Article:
Spousal Maintenance/Alimony

Unlike child support, spousal maintenance is not mandatory in a Minnesota divorce. The court has broad discretion in awarding spousal maintenance, and a compelling argument must be made to support such a request. Whether you are the spouse who is seeking spousal maintenance or the one who will likely be required to pay it, be sure that you choose an attorney with the ability to protect your interests.

At the law firm of Ryan & Grinde, Ltd., our Rochester spousal maintenance attorneys are committed to resolving these matters in a way that is most beneficial for our clients. From negotiating a fair spousal maintenance agreement to advocating for your interests in court, you can rely on us to provide the effective representation you need.

Understanding Spousal Maintenance In Minnesota

Often referred to as alimony, spousal maintenance can be awarded on a temporary or permanent basis. Under the law, the court can award spousal maintenance in situations where the spouse seeking maintenance is not able to provide for his or her own basic needs, particularly when the spouse requires education or training. Spousal maintenance can also be awarded in situations where a spouse is not able to support himself or herself through a regular job or the spouse cares for a child whose needs make it necessary for the spouse to remain at home.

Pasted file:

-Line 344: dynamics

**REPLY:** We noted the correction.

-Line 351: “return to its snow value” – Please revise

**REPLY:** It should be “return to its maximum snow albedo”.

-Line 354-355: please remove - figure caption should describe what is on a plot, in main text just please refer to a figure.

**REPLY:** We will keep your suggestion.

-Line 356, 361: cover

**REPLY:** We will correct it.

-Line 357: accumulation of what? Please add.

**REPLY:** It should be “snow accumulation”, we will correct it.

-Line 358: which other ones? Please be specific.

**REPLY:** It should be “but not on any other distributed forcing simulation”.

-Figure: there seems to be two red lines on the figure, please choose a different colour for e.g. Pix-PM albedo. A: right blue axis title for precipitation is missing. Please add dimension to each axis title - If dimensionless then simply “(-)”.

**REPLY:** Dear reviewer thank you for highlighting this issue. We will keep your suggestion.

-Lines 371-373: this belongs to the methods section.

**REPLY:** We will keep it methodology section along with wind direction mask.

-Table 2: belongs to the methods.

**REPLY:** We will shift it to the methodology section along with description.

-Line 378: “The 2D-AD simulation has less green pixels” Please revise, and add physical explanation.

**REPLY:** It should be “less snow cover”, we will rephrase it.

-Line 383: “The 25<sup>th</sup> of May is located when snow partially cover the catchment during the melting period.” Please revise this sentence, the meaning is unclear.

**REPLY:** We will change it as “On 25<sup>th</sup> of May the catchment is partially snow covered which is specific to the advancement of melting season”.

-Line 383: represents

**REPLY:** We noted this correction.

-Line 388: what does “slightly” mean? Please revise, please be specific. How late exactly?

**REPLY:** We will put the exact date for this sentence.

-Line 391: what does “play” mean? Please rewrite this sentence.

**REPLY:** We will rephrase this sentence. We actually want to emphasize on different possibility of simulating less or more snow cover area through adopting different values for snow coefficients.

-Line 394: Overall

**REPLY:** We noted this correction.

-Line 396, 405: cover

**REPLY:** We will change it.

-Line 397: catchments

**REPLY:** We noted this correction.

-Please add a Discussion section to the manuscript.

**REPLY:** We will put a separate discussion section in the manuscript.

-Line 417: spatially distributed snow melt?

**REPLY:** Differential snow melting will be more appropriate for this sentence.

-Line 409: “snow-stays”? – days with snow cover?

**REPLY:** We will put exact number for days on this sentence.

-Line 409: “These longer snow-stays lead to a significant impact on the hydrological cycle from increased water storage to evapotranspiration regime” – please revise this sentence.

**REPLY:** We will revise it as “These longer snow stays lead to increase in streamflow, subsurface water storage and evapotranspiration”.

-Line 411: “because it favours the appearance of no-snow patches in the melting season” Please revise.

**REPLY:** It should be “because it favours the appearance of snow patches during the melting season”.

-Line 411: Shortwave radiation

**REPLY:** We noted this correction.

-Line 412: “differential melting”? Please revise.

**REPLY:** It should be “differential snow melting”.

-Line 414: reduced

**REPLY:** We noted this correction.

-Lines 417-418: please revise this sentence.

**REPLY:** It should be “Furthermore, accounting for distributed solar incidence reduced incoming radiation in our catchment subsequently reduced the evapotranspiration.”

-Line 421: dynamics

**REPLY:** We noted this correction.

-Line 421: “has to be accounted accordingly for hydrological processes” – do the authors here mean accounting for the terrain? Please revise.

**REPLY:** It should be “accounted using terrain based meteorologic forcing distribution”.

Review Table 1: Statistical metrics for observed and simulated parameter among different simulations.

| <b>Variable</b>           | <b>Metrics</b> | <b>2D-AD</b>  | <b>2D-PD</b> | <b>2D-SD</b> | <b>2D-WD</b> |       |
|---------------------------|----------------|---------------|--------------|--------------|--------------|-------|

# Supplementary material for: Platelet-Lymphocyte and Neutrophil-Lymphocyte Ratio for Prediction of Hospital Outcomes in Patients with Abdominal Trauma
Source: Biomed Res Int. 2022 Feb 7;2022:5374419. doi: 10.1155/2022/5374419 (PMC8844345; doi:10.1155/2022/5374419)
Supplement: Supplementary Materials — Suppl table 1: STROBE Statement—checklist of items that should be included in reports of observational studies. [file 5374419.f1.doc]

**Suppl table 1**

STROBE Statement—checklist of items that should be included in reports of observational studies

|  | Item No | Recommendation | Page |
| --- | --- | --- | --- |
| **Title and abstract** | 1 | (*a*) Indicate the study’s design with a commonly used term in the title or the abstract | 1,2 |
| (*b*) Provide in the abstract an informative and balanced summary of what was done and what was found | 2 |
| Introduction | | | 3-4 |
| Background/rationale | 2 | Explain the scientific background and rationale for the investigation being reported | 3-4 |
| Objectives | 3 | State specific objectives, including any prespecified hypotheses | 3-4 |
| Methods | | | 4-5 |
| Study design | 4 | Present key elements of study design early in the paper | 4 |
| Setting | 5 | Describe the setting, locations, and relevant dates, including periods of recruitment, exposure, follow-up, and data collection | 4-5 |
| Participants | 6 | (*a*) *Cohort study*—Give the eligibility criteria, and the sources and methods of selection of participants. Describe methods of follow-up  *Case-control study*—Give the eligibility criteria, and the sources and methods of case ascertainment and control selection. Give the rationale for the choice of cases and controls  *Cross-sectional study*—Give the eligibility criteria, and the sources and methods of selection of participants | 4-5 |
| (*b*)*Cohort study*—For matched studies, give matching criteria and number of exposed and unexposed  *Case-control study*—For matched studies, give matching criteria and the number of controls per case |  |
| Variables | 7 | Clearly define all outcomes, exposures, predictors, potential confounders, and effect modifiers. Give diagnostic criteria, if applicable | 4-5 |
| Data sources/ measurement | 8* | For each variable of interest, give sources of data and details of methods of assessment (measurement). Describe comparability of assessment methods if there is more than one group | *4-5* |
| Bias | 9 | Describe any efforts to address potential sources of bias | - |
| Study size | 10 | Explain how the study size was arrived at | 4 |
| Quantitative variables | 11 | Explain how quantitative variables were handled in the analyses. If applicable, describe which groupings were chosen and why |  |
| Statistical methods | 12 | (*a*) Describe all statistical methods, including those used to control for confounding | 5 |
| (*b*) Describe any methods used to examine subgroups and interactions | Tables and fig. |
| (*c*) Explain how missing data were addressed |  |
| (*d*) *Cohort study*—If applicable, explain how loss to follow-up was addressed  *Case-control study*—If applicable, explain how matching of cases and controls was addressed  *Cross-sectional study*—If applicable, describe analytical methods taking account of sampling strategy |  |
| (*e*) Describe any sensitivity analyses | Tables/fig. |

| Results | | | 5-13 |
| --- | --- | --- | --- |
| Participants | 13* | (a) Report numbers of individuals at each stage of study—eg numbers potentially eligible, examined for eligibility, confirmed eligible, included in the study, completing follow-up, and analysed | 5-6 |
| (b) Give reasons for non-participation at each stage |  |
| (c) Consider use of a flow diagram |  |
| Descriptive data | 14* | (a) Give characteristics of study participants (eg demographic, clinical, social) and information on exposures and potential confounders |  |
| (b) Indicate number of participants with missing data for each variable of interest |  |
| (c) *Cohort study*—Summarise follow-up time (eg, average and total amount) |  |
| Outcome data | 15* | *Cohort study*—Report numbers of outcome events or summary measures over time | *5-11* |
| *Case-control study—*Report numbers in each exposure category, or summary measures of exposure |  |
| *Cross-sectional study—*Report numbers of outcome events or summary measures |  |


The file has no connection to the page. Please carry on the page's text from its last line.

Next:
Among the factors the court considers in spousal maintenance proceedings are the following:

  • The financial situation of the spouse seeking maintenance
  • The age and health of the spouse seeking maintenance
  • His or her employability
  • Training or education needed to make the spouse employable
  • The standard of living established during the marriage
  • The length of the marriage
  • The extent to which the spouse’s life as a homemaker has impacted his or her ability to find meaningful employment
  • One spouse’s contributions to the other’s career advancement, such as staying at home while the other spouse built a business or went to school
  • Each spouse’s contributions to the increase in value of the marital estate
  • The paying spouse’s ability to meet his or her own needs if maintenance is awarded

Discuss Your Alimony Issues With A Lawyer

We conduct a thorough review of your case and fully explain your legal options. Schedule an initial consultation with an attorney by calling our Rochester office at 507-218-7935, our Saint Charles office at 507-932-4461. You can also send us an email by completing our online intake form.